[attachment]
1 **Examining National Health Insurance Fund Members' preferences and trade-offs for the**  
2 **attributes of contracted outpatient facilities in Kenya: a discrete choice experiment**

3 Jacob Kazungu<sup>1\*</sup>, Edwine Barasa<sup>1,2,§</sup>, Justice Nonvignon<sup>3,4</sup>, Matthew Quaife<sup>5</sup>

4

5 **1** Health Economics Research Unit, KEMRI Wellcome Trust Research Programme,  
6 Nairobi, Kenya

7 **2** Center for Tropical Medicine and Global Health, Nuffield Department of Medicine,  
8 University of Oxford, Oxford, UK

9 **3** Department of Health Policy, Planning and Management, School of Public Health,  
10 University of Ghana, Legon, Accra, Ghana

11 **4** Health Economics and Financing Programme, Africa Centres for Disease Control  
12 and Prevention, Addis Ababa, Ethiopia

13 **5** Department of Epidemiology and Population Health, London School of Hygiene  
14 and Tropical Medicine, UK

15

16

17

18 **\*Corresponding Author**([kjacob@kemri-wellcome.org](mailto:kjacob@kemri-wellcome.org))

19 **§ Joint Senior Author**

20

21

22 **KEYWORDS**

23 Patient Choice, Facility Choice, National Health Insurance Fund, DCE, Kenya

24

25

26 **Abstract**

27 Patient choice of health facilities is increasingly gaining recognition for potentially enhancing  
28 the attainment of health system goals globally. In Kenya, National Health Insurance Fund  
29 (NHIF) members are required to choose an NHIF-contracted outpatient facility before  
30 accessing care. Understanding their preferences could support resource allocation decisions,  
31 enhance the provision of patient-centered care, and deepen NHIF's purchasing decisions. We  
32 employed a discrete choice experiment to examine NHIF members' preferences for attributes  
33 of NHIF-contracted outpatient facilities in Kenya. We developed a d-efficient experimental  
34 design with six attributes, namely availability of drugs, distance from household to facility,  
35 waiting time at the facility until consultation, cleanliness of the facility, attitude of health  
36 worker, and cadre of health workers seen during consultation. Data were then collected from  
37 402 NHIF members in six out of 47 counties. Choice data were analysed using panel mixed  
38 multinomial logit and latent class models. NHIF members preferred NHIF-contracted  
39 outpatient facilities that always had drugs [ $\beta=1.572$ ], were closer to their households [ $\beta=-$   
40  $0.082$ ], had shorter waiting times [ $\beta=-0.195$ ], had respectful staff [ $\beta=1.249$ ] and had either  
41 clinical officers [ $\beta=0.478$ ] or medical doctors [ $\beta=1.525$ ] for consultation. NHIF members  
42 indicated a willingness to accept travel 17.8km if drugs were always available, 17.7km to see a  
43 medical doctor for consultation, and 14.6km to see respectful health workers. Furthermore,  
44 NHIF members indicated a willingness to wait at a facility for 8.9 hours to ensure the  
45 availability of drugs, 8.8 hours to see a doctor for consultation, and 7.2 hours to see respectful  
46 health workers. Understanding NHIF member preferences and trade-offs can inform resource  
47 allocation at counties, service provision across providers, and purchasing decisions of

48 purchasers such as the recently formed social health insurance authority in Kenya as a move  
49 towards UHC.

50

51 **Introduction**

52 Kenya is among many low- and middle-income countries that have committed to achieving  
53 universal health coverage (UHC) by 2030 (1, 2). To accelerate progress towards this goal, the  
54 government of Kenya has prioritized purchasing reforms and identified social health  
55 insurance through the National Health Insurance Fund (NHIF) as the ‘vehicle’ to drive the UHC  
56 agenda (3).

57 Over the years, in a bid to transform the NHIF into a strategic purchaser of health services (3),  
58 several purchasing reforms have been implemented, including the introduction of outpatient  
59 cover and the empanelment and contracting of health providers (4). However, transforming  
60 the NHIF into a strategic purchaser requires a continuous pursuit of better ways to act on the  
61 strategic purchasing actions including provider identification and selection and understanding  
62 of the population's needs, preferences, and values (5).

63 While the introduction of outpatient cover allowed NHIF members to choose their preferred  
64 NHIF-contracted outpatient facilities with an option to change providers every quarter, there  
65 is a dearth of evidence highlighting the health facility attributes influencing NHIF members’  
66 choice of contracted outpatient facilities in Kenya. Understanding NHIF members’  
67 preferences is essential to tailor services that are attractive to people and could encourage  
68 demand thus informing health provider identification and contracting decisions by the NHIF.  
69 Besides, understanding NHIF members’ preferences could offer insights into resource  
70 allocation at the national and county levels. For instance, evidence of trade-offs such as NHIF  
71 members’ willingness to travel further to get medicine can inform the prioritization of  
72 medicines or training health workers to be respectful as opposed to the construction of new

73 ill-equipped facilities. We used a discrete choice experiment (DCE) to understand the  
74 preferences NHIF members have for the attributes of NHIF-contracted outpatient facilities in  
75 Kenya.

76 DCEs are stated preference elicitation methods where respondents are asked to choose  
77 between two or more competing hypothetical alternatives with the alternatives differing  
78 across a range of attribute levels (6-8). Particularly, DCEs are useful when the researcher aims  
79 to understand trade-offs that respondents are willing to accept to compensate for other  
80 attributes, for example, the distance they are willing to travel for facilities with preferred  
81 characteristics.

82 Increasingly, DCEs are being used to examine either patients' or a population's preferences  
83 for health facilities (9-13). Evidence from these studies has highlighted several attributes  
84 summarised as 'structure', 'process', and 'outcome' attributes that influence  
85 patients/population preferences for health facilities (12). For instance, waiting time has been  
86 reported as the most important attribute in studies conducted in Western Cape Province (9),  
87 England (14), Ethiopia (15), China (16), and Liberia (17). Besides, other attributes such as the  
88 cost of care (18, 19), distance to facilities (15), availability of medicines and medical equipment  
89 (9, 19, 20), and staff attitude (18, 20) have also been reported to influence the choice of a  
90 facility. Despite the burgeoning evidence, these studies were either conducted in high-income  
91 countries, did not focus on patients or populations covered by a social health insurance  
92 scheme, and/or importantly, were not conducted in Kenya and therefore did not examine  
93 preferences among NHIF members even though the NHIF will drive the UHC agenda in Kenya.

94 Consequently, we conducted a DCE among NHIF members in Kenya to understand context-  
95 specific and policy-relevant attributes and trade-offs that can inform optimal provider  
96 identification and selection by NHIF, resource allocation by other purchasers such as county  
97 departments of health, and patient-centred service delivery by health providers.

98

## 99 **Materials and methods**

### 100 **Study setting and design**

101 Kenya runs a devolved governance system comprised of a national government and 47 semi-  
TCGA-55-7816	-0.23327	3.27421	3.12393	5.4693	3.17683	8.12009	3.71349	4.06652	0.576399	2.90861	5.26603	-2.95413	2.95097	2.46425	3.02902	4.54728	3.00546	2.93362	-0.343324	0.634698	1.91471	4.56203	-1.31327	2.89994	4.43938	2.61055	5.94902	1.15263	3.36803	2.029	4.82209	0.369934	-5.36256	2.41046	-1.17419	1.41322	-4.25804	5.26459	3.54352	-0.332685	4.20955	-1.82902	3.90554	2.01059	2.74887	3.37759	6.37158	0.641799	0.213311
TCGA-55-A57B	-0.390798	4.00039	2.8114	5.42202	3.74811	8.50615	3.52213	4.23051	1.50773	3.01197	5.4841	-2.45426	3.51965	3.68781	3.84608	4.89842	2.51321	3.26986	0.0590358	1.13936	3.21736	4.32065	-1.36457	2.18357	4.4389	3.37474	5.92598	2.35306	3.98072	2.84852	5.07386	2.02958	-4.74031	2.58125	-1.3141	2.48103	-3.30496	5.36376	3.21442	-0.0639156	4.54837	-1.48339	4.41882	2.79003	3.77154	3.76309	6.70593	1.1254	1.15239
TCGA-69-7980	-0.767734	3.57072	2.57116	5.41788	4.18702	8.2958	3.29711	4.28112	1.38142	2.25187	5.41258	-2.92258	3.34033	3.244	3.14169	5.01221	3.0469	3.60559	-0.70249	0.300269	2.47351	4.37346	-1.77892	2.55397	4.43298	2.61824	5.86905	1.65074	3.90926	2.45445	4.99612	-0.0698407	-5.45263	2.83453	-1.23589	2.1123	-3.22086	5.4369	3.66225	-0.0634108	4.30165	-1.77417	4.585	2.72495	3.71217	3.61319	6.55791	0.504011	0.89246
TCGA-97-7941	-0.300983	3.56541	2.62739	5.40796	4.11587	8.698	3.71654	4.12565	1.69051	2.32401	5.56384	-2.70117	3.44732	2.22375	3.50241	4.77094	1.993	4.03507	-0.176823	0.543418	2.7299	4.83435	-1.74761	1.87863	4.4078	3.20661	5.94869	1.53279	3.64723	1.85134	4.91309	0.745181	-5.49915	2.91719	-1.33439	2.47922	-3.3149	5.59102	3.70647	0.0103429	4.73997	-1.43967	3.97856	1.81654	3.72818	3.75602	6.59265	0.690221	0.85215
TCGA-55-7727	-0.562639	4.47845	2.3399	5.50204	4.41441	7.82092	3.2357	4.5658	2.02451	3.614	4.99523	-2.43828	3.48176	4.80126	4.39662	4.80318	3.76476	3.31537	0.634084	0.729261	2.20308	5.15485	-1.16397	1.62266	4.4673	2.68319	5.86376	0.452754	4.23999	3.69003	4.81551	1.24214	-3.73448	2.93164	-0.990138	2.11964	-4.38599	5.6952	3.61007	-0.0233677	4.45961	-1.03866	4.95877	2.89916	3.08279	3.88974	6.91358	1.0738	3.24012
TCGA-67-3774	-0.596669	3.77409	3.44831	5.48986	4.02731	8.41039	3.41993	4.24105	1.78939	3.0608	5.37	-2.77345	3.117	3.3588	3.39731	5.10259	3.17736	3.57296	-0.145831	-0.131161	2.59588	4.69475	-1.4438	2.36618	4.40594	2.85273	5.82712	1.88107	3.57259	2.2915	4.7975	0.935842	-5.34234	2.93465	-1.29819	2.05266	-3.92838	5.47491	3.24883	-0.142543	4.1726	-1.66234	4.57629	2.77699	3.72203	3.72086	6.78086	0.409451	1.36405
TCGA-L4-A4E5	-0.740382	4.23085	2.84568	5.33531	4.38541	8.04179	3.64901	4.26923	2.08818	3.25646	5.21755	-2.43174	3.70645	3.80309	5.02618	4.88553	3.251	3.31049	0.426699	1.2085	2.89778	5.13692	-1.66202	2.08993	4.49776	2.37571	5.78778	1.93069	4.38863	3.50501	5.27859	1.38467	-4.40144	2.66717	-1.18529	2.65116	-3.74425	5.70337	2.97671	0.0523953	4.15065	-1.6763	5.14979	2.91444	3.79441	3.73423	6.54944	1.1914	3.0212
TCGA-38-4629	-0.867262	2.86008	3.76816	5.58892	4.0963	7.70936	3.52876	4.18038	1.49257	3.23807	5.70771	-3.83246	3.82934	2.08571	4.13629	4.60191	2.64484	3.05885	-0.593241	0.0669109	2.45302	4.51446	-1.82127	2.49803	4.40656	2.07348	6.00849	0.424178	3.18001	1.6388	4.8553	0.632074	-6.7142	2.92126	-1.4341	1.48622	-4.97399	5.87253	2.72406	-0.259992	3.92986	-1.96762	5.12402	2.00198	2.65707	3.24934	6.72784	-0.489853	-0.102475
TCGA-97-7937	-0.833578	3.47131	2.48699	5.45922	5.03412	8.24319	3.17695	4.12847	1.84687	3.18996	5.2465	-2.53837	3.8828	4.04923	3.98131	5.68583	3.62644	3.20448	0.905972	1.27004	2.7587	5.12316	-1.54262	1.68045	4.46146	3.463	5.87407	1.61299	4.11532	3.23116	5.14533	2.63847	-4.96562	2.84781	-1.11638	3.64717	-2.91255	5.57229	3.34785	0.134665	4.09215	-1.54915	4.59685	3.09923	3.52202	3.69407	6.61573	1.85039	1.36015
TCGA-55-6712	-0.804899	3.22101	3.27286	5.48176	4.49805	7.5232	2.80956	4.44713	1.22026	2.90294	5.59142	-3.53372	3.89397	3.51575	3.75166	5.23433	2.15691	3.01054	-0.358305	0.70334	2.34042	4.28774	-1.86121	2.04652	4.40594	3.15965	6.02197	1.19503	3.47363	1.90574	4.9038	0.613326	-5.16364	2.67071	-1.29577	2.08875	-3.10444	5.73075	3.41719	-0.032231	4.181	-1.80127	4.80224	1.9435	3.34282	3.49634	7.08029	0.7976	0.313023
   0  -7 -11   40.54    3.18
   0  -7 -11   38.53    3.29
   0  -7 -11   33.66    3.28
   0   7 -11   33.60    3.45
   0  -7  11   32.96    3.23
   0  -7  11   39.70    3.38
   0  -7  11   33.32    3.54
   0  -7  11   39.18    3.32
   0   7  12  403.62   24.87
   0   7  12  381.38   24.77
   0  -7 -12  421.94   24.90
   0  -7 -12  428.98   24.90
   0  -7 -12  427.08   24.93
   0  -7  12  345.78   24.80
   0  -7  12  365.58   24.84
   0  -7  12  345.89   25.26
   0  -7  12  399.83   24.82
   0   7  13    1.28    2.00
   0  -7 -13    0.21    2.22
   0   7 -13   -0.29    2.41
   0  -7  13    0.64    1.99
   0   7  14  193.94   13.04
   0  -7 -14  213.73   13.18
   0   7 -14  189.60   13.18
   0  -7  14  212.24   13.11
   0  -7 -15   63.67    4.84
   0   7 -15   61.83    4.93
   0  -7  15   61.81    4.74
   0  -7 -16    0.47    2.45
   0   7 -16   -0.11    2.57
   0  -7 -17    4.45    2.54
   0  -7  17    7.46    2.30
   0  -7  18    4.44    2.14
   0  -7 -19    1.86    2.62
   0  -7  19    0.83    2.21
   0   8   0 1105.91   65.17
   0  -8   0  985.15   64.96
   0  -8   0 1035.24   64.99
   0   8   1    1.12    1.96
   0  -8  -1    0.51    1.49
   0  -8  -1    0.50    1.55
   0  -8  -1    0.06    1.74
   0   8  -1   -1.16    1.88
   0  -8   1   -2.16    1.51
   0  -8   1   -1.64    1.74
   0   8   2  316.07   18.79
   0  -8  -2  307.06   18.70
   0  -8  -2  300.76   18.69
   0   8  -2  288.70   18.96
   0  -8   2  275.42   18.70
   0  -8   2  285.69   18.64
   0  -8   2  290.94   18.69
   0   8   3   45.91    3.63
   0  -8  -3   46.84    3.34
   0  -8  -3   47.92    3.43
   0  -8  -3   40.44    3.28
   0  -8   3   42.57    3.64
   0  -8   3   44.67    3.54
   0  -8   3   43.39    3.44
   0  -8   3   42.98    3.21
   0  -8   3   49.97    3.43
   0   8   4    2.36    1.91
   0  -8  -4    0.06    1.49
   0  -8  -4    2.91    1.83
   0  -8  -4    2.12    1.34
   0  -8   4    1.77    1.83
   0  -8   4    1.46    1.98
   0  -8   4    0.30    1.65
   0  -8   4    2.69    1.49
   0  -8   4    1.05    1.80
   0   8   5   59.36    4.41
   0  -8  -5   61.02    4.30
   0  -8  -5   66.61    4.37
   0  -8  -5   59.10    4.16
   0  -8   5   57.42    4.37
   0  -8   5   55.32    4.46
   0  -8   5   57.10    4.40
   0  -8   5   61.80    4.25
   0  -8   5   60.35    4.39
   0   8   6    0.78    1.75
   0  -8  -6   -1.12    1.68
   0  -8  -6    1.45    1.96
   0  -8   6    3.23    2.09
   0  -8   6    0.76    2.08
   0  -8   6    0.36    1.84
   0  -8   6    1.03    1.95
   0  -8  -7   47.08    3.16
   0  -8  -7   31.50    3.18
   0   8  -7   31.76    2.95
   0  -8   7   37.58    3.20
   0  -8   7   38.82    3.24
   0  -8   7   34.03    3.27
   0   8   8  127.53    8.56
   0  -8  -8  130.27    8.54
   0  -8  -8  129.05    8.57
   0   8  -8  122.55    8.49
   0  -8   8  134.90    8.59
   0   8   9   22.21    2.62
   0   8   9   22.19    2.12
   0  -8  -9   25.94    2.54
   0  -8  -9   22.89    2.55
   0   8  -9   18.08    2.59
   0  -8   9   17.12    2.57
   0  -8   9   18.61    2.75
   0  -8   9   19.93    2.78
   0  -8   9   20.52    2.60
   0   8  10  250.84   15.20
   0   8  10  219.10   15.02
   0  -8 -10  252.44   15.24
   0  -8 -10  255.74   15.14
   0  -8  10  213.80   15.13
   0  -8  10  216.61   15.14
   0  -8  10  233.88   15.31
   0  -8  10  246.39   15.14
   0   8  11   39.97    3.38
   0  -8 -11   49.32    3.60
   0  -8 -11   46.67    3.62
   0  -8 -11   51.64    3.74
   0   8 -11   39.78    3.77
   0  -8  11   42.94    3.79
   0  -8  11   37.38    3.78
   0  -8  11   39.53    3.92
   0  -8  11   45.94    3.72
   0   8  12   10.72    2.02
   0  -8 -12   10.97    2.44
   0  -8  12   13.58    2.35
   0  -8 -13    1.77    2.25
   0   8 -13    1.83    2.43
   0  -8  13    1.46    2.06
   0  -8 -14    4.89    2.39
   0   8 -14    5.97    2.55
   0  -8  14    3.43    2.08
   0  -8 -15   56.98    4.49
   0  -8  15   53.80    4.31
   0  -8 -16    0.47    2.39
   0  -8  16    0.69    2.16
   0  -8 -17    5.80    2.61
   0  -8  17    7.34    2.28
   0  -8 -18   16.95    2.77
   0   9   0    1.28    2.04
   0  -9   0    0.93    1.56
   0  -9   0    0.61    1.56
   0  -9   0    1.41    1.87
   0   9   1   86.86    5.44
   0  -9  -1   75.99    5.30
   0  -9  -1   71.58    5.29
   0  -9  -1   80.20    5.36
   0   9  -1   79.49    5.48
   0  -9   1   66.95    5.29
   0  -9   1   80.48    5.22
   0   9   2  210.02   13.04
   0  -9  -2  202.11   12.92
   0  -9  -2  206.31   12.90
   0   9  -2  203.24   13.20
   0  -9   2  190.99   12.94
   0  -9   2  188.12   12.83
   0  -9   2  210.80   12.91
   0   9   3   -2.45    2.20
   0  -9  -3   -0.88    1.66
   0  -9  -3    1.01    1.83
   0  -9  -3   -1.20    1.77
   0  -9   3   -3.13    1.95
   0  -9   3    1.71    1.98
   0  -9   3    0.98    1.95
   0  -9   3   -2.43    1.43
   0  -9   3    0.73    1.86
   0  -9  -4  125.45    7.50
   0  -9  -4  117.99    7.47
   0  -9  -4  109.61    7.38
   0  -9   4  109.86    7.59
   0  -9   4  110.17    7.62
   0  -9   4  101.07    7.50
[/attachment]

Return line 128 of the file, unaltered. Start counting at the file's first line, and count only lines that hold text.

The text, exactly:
   0  -7  12  399.83   24.82